It’s a sad fact of life in the 21st century that active shootings have become a regular occurrence in the United States. In other parts of the world, terrorist groups are using active shootings to, well, terrorize. While the media focuses on the firestorm of political debate these events cyclically create, I’ve rarely seen them discuss what people are actually supposed to do in these situations.
According to the FBI, active shootings in public places are becoming increasingly common. Which means it would serve everyone to understand how to respond if they ever find themselves in the line of fire. Spy Secrets That Can S... Best Price: $4.57 Buy New $17.77 (as of 09:57 UTC - Details)
Over the years I’ve talked to a lot of military, tactical, and law enforcement professionals who’ve spent their careers training and dealing with violent individuals: U.S. marshals, SWAT officers, and special forces operators. And I’ve asked them all this same question: What’s an average joe civilian like me supposed to do when faced with a gunman who’s indiscriminately firing on people?
They’ve all answered the same way.
In today’s article, I share expert-backed advice on how best to react if you ever find yourself in a situation with an active shooter. Learning how to survive a shooting is much like learning how to survive an airplane crash: such an event is statistically unlikely to happen to you, and simple chance may make you a victim before you’re able to take any volitional action. But if there are things you can do to increase your odds of survival even slightly, you ought to know and practice them.
Something to Keep in Mind: You’re Probably On Your Own
In a study done by the FBI in 2014, it was discovered that most active shootings end in 2 minutes or less. That’s not enough time for law enforcement to arrive. So when you start hearing gunshots in places you shouldn’t be hearing gunshots, understand that you don’t have very much time to think about what you should do.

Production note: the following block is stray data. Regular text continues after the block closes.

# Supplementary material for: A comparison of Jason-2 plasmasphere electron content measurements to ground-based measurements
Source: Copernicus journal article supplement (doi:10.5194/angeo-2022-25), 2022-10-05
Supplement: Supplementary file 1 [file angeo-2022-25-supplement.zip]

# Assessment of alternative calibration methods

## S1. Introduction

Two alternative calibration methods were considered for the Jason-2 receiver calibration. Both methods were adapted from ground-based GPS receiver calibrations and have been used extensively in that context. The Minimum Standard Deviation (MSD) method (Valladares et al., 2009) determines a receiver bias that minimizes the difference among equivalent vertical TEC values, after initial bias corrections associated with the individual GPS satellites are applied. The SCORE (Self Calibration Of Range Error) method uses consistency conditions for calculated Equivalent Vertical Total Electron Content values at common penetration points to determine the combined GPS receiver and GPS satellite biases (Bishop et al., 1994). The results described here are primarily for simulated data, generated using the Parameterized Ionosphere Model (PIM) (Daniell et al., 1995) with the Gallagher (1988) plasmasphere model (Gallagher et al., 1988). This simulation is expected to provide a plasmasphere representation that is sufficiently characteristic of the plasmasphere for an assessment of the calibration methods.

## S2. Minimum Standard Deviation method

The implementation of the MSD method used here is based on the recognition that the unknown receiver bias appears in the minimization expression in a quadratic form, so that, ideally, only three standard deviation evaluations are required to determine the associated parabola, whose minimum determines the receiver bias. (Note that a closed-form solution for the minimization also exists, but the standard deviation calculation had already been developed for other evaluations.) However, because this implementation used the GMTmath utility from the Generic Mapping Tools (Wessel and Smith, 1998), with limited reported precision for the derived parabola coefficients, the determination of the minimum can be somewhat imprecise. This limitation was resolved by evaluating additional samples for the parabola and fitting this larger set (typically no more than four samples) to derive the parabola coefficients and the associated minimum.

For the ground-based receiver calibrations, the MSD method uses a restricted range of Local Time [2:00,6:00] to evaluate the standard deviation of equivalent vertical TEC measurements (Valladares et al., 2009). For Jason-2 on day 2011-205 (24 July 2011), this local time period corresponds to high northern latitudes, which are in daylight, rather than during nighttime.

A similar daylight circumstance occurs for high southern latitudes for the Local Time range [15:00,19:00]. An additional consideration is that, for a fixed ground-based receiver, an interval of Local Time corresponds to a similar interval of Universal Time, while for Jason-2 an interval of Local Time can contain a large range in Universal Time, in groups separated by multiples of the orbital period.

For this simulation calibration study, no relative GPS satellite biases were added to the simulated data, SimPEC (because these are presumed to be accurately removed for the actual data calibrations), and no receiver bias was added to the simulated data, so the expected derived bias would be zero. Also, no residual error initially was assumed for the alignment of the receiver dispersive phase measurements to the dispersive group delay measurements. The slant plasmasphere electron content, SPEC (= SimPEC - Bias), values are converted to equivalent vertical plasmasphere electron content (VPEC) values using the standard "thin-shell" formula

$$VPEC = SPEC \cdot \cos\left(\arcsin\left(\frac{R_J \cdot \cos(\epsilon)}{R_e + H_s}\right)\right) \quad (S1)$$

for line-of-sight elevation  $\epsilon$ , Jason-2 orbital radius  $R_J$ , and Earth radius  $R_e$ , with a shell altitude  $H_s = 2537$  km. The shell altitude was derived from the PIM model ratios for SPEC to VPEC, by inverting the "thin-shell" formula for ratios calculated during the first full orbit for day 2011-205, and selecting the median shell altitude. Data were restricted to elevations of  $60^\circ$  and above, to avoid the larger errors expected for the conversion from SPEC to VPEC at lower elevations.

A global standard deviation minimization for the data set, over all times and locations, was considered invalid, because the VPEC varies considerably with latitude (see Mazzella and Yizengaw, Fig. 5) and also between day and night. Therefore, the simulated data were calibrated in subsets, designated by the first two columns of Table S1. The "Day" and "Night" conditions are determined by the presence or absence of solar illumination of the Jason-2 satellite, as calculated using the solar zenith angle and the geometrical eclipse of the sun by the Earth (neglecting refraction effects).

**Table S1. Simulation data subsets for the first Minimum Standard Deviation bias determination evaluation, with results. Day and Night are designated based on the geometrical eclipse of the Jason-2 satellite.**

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When any sort of emergency situation strikes, be it an active shooter or even a fire, the natural response for most people, surprisingly enough, is not to do anything. We highlighted several of the reasons for this passivity in our article about why most people freeze up in emergency situations. For example, the “normalcy bias” causes victims to act like everything is fine even though things are far from it. Our brain is predisposed to assume that things will carry on in a predictable way. When the pattern is broken, it takes a long time for the brain to process this aberration. This is why many people who witness traumatic events report that it felt surreal, like they were watching a movie and it wasn’t really happening. They also often say that at first they thought the gunshots were fireworks or a car backfiring or a book falling — things that would fit better in their usual paradigm of daily life.
Another bias that keeps us from taking action is our natural tendency to follow the crowd. If we see that everyone else is cowering in fear or locked up by inertia, then our natural tendency is to act the same.
The way you overcome these inclinations towards passivity is deciding exactly what you’ll do in the event of a shooting — before one ever happens. You’ve got to have a plan.
I know it seems morbid, but you really should visualize what you would do in various situations were an active shooter to suddenly intrude upon the scene. What would your plan be if you were in the office and heard shots coming from the floor beneath you? Would you have time to run? If so, where would you go? If you heard the shots just down the hallway and there’s no place to run or hide, what would be your next step? Visualize your plan in as much detail as possible.
Left of Bang: How the ... Buy New $1.99 (as of 01:45 UTC - Details) In an active shooter situation, seconds matter. You don’t have time to figure out what you’re going to do when a guy starts spraying a building full of gunfire. By having a general preconceived plan, you give yourself a head start. This all goes back to our article on the OODA Loop. Remember, in any conflict there are multiple loops going on. It’s your loop versus the shooter’s, and the first to complete their respective decision-making cycle usually wins the fight.
OODA Loops can begin way before an actual encounter starts. By coming up with a plan of what you would do in an active shooter situation before one ever happens, you’re already engaged in the second step: Orienting. Should you encounter a shooter, you can act immediately because you’ve already begun the cycle and already have a plan in place. Remember, ABO: Always Be Orienting.